Pittsburgh’s fifth-round pick last summer became just the sixth player from the 2015 draft to see time in the NHL this year. The others? Connor McDavid, Jack Eichel, Noah Hanifin, Mikko Rantanen, and … Pittsburgh’s second-round pick Daniel Sprong. They are the only two players chosen outside of the top-10 picks to play.

“Those kids should be really proud of themselves,” Sexton said. “I know the whole amateur scouting group, the whole organization is proud of them. They’re all different players, they’re different personalities, they’re different people but they all bring certain strengths to the party, so to speak. Tommy doesn’t have the blazing speed that Sheary has, but Sheary doesn’t have the size that Kuhnhackl has. They both have great hands, but their hands aren’t as good as Simon’s.

“They’re all capable of generating offense but what they’ve really learned – especially Tom Kuhnhackl over the last 3-4 years, Conor the last year and a half and in a short period of time, Dominik Simon – is that offense comes from playing the right way on the defensive side of the puck. That’s something we’ve always believed in as an organization. … You’ve got to play the right way on the defensive side of the puck and those kids do. They’re not perfect yet, but they’re making great progress and that’s allowing them to let their offensive skills shine through.”

Offensive skills are what stuck out to Sexton and his staff about both Sprong and Simon.

The now 18-year-old Sprong made the Penguins’ opening-night roster and played a total of 18 games with the big club.

Since returning to his junior team back in December, Sprong has 44 points (15G-29A) in 31 games with Charlottetown. He was recently named the QMJHL’s ‘Second Star’ of the week after posting six assists in two games.

Meanwhile, Simon posted 18 goals in 54 games in his first pro season in North America before getting called up.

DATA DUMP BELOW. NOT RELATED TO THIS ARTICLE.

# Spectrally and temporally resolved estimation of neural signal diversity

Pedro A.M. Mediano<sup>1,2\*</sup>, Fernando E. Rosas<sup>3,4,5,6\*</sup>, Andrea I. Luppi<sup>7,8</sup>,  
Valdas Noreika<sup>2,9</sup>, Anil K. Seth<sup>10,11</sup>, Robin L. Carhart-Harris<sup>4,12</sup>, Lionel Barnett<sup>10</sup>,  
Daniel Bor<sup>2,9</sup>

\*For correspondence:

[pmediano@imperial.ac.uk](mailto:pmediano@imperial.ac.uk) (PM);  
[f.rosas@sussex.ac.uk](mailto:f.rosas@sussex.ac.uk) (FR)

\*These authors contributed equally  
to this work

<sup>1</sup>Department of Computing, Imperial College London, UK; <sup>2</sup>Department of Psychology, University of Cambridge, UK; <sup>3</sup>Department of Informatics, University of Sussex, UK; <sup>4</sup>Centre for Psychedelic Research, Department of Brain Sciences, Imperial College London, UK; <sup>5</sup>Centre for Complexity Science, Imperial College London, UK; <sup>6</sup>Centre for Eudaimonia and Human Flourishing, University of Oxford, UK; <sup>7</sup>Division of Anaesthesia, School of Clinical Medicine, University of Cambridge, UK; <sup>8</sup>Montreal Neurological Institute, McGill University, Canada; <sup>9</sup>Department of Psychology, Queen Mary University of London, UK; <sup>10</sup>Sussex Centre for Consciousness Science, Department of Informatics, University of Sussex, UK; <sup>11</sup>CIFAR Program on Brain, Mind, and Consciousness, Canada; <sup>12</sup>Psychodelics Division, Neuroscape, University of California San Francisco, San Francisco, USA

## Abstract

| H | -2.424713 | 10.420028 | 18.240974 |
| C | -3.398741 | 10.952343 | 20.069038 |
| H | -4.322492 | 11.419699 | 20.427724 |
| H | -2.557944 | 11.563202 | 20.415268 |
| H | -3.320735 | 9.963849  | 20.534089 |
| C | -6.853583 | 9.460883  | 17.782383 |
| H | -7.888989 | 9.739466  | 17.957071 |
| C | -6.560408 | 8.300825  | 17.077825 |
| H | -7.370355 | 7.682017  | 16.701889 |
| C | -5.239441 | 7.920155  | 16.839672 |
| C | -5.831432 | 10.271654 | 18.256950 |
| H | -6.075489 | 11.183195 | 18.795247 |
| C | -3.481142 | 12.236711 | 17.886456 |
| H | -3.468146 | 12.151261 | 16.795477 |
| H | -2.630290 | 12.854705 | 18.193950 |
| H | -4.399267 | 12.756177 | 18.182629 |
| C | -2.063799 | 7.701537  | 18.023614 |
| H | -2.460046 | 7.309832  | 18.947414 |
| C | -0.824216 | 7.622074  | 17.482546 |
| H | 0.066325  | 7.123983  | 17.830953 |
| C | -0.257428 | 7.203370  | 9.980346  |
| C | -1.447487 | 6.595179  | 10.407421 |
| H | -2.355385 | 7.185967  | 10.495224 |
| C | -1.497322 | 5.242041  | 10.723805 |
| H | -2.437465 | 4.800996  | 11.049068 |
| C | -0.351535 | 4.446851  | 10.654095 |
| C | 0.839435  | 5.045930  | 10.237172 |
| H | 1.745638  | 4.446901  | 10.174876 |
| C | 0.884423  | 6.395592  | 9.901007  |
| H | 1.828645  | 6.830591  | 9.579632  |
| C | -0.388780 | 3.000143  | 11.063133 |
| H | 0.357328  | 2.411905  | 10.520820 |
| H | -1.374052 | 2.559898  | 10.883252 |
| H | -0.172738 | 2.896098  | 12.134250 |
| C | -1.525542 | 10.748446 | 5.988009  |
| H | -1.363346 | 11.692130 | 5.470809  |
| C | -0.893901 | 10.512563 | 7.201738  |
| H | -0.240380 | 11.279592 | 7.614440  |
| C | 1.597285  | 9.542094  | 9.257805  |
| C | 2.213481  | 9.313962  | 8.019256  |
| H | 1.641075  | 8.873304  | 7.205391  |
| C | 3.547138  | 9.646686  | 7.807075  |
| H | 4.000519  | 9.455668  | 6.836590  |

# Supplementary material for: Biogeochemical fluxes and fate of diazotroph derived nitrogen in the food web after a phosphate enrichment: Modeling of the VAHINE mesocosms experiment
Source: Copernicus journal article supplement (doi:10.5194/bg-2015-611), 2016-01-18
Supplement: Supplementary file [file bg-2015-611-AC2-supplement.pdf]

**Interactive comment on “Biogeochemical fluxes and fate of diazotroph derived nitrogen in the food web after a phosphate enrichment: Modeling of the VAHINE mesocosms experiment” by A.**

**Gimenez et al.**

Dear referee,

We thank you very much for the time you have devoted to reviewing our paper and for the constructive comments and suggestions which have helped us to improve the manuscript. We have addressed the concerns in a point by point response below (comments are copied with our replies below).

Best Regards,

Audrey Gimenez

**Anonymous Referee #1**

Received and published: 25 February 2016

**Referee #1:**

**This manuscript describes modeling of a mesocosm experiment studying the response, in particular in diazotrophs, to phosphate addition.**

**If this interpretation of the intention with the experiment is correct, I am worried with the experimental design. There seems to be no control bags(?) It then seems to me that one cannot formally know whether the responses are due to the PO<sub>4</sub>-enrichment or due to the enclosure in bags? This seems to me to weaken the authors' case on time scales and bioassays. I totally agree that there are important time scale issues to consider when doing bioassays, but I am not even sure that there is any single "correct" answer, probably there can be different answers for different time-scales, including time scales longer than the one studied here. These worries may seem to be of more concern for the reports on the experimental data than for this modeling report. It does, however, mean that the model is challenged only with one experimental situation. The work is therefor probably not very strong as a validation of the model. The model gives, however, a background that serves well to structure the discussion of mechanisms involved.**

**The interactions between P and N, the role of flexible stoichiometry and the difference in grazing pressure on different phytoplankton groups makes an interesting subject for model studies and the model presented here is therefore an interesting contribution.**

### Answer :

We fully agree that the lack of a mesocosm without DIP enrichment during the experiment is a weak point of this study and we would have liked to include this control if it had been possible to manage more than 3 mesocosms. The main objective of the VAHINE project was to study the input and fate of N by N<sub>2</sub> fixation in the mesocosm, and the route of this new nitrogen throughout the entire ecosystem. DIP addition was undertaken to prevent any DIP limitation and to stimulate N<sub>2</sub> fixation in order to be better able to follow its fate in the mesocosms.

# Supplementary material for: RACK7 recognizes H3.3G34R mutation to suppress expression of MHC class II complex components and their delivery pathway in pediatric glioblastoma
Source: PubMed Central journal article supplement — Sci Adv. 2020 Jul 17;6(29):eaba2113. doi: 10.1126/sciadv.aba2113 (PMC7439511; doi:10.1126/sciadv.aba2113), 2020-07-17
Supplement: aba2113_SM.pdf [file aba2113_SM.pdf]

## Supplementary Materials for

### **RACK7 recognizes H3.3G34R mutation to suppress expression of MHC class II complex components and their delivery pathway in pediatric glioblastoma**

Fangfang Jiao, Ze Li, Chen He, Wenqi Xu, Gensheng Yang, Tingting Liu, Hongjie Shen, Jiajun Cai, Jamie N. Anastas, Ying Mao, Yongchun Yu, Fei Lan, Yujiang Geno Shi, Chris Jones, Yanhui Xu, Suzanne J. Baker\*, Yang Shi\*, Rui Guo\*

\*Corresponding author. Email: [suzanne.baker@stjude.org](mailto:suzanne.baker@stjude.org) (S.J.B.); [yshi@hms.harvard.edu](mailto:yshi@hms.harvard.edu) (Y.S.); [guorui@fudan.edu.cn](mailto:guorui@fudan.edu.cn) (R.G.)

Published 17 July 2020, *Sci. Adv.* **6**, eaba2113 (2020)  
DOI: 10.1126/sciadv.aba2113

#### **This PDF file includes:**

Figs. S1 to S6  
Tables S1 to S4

“Scoring goals is very difficult to do in our league these days,” Sexton said. “Teams are better prepared, goaltenders are bigger and better than they’ve ever been and the coaches are so well-prepared. So we always look for offensive players and when you see Daniel Sprong and Dominik Simon, that’s what rings out about their game.

“They’re different types of offensive players but they both have the capability to score and set up goals and generate offense from difficult areas down low in the offensive zone, which is where a lot of the offense comes from these days. That was really the primary thing that caused us to see them and like them as players.”

They saw NHL time quicker than most guys, partly because they just happened to be further along in their development.

“Sprong really, in my opinion, was a first-round talent that we were able to get in the second round,” Sexton explained. “That’s one of the reasons he played in the league this year. His skills were further along at the same age than say, Scott Wilson. But there’s this great evening-up factor from 23 to 30. I think the gap between those guys will close.

"Because Scott Wilson has the knack and the ability to score. He’s got an NHL release. And when he shoots the puck,he shoots to put it through the net the same way that Daniel Sprong does. Those two guys, they’re offensive players. One was just more ready at age 17 than the other.”

It helped that Simon, who was passed over in the 2014 draft, was already 20 years old and holding his own alongside men both in the Czech Republic’s top league and at the World Championship, which is where head European scout Patrik Allvin discovered him.

After seeing him play on a line with Jaromir Jagr at the tournament, Allvin was convinced he was somebody they needed to take a closer look at.

“Patrik came back and said ‘there’s this kid there named Dominik Simon. He’s small, he’s a little bit older, he’s been through the draft but this is a kid that has some skill,’” Sexton said. “When the time came, we got to this spot on our list and we said this is probably the right time for Simon. We stepped up and took him and he certainly hasn’t let anybody down.

“He’s going to be a very good player for us for a long time to come, I hope. He’s got all the skills. It’s a new NHL now with the focus on speed and skill and less on battle and brawn. So his timing is good. He’s just one of those classic late bloomers, really. A smaller player who needed more time.”

What people may not understand about the process of drafting players, especially in the later rounds, is all the due diligence that goes into evaluating them both on and off the ice.